- Suggestions for Recovery
There is no time limit to recovery from an ectopic pregnancy. It is common to think that you should get back to work and get “back to normal” as soon as possible, but there is no ‘should’ when it comes to recovery, only what feels right for you. We regularly consult women who have experienced ectopic pregnancy, and as a result of our research into recovery have developed this list of suggested ideas about how you might spend some of your time following your treatment. Although this is not an exhaustive list, and everyone has their own unique way of coping with their loss, we hope that you might find something useful here to help yourself to recover and deal with what has happened.
Talking about your feelings with trusted friends can be a great way to take away some of the emotional pressure. You may find, at this point, there will only be certain people that you want to see and talk to and who you trust to say the right thing.
Sometimes we feel that we cannot talk to our friends and family, or need to discuss the same things again but our friends and family don’t want to listen to it again or we don’t want to discuss it with them a second time. Sometimes we just want to seek out people who know what we’re going through. If this is the case, visit our ectopic pregnancy discussion forums where there are many women and men who have experienced ectopic pregnancy and who are also looking for people to talk to. It is a safe and private environment that is overseen my medical professionals. Many strong and long-lasting friendships have been built here.
You are also very welcome to phone us on the EPT helpline 020 7733 2653. Our trained helpline operators, who have direct experience of ectopic pregnancy, will listen to you and answer any questions you have. You do not need to feel alone. There are many women using our services who have been through an ectopic pregnancy.
Light a candle
On our website is a special place where you can light a candle in remembrance of your baby. Alternatively, some women and their partners like to plant a tree or buy a piece of jewellery to commemorate their baby.
Use your friends
When your trusted friends or relatives come to see you, ask them to bring you any films or DVDs they think you’ll like, books or magazines they think you’ll enjoy reading or anything else they know you might be interested in. If people offer to go to the shops for you, let them. It will make them feel good!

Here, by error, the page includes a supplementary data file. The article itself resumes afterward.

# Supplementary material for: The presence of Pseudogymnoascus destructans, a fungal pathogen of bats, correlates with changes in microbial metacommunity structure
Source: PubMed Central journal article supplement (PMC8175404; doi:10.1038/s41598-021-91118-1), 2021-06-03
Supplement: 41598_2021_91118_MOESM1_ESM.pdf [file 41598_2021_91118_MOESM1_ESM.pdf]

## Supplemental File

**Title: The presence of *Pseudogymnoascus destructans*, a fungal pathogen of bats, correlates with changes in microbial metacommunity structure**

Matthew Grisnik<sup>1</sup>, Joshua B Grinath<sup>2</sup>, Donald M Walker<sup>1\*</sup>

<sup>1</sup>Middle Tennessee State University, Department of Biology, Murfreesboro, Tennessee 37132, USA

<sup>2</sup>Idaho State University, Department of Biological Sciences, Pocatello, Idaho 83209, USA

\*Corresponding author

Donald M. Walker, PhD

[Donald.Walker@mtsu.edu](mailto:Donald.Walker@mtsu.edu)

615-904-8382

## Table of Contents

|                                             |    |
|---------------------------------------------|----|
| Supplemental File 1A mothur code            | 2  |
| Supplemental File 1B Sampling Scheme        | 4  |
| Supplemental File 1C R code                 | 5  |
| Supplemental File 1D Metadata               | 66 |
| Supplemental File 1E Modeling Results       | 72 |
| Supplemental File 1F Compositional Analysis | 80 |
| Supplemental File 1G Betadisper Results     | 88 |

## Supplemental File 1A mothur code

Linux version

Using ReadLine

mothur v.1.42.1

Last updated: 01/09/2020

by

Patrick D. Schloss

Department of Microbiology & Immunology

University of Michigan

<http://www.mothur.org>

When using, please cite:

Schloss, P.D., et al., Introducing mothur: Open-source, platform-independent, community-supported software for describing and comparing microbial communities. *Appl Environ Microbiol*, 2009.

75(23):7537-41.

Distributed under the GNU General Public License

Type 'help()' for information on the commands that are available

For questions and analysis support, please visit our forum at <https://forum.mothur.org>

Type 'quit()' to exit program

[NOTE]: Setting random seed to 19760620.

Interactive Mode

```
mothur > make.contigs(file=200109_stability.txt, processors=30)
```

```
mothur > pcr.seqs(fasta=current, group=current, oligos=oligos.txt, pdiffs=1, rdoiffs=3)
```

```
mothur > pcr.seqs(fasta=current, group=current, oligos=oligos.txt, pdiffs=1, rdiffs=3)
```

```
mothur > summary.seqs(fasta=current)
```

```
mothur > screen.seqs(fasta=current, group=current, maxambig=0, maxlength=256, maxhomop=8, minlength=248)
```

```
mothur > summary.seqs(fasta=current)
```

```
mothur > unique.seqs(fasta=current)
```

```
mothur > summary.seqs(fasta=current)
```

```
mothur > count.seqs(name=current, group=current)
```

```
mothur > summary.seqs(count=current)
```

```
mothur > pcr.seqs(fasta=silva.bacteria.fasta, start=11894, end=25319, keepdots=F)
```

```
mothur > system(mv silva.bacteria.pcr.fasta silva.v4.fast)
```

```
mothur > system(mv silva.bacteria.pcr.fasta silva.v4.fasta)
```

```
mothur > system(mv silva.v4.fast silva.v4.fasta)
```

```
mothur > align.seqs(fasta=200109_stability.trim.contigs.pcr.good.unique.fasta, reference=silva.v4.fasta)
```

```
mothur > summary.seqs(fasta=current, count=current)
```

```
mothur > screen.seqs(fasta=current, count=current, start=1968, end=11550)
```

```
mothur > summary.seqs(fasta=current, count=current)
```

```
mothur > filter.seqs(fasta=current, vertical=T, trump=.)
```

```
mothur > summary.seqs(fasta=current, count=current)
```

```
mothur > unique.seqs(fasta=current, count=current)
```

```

If you feel it’s a duvet day, then let that happen. Catch up on films you’ve been meaning to watch but haven’t had the chance to. Try not to feel guilty about indulging yourself if that’s not the kind of thing you usually do. Ectopic pregnancy is exhausting and many women feel that they are not able to do much more than sit in front of the television. This is okay.
Amongst the feelings of sadness you may feel extremely angry at what has happened. Expressing these emotions in a controlled way can prevent them from bubbling beneath the surface and bursting out when you least expect, or want, them to. Punching a pillow also helps to relieve tension if you feel angry.
Book a haircut, massage, manicure or pedicure if that will help you feel good. Massage not only helps you to relax by calming the nervous system but increases oxygen flow in the body encouraging healing and also help to balance the endocrine system which controls hormone levels. If you’re well enough, you can go to a salon or spa, and there are mobile therapists who will come to your home. If you’ve had surgery tell the therapist and they will avoid the areas affected.
Food is proven to affect mood, so help yourself by eating healthily for most of the time. Take note of good-mood foods such as turkey, chicken, milk, eggs, cheese, fish, nuts and seeds, which are all rich in tryptophan, an amino acid which helps the brain to produce serotonin to make your mood stable and encourage healthy sleep. If you are being treated with methotrexate it is very important that you avoid foods enriched with folic acid until your hormone levels have fallen to below 5<mIU/mL.
A new focus away from due dates
Most women feel that once they’ve healed physically, the emotional recovery begins. You may find at this point that you need a goal or distraction to work towards as an alternate focus to what would have been your due date. A great way to do this is set yourself a physical challenge or take up a new activity. Obviously wait till you’ve totally recovered from any surgery, and you should be led by your health care providers about that, but once healed, it doesn’t matter what your level of fitness, any kind of exercise will release feel-good endorphins into your body, increased oxygen will enable the body to heal itself quicker and you’ll be able to build up your strength physically and mentally. This will, of course, also benefit you whether or not you decide to try to conceive again.